BMS officials use track prep techniques to bolster lower groove racing at The Last Great Colosseum
For many in the NASCAR industry, last August's Bass Pro Shops NRA Night Race will fondly be remembered as the moment when Bristol Motor Speedway got its groove back.
Its lower groove, that is.
Bristol Motor Speedway officials announced just prior to the August 2016 race week that minor modifications had been made to its racing surface. The innovative process was geared to provide more traction at the bottom of the race track so that drivers in all three of NASCAR's top touring series could firmly plant their race cars on the lower groove of the .533-mile oval.
The result was immediately enjoyed by both drivers and race fans. With enhanced grip at the bottom of the track, more exciting side-by-side racing ensued.
Last year's Bass Pro Shops NRA Night Race winner Kevin Harvick applauded the move in the media center after taking the checkered flag.
"It gave the drivers a lot of options where you could drive the car and make it work," said Harvick after coming from a 24th starting spot to win his first Bristol Night Race. "I was able to come up through the field because of that. And Friday night was probably one of the best Xfinity Series races I've ever watched. I'm really glad to see Bristol back where it is."
"I think it definitely has opened everybody's eyes to saying, all right, that worked pretty darned good," Harvick continued. "You could hold your ground and you could get past lapped cars. It gave everybody an option to do something different, and as a driver, that's what you want. You want options. You don't want to get stuck behind a car that’s four or five tenths slower than you after you’ve just run them down from a half a lap and can’t pass him. It was exciting."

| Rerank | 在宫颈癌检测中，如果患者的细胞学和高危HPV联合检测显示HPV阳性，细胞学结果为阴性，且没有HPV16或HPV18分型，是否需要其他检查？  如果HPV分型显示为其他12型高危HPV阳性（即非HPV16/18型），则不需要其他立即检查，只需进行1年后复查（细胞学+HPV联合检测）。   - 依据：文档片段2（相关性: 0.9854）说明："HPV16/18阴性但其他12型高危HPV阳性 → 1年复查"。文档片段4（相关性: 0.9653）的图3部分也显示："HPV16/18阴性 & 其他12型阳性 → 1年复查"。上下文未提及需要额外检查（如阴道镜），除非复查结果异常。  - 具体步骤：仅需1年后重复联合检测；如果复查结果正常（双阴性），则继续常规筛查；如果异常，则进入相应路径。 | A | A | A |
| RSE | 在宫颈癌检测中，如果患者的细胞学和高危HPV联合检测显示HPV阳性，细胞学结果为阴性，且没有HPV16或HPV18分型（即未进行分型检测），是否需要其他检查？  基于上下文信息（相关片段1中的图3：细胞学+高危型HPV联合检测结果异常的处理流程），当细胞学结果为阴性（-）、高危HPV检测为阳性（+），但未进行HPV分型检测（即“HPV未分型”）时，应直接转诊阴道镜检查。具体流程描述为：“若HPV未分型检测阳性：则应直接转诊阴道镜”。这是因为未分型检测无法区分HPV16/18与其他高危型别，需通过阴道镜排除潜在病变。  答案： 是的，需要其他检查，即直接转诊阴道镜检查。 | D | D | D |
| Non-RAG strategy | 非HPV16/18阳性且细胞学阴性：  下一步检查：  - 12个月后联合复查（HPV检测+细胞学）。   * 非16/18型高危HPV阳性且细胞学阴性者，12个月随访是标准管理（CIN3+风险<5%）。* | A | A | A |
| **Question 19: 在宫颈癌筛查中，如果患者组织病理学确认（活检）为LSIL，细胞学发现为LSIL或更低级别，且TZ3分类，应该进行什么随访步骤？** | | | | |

In last August’s wild Xfinity Series race, Austin Dillon held on to win an ultra-competitive Food City 300 under the Friday night lights. He echoed Harvick’s comments during his post-race press conference, saying that the racing was better with the lower groove in play.
"First of all, I’d like to say hats off to Bristol for really doing their job to try and make this race as good as possible," Dillon said. "It really was. I feel like the fans had to love it. It ended up being a race on the bottom."
Jerry Caldwell, executive vice president and general manager at BMS said there was great collaboration with industry stakeholders and the driver’s council to move forward with the prep process.
"We applied the treatment to the lower groove in the four turns and coming out of the straightaways," Caldwell said. "The substance really just helps rubber stick to the track. And then we brought in a tire machine that we used to drag the track for a while to get rubber down and give drivers some grip so they can get down there and hang with that upper groove."
The inventive track prep technique will be utilized again in 2017 as BMS readies for the Food City 500 weekend, April 21-23.
“We were very pleased with the results last August and we are looking forward to preparing the track in the same fashion this April," Caldwell said. “We received a lot of positive feedback from drivers and others in the industry, as well as our fans. We’re looking forward to more thrilling side-by-side racing at the upcoming Food City 500.”
To purchase tickets to the Food City 500, please call 423-BRISTOL or buy them online at www.BRISTOLTIX.com.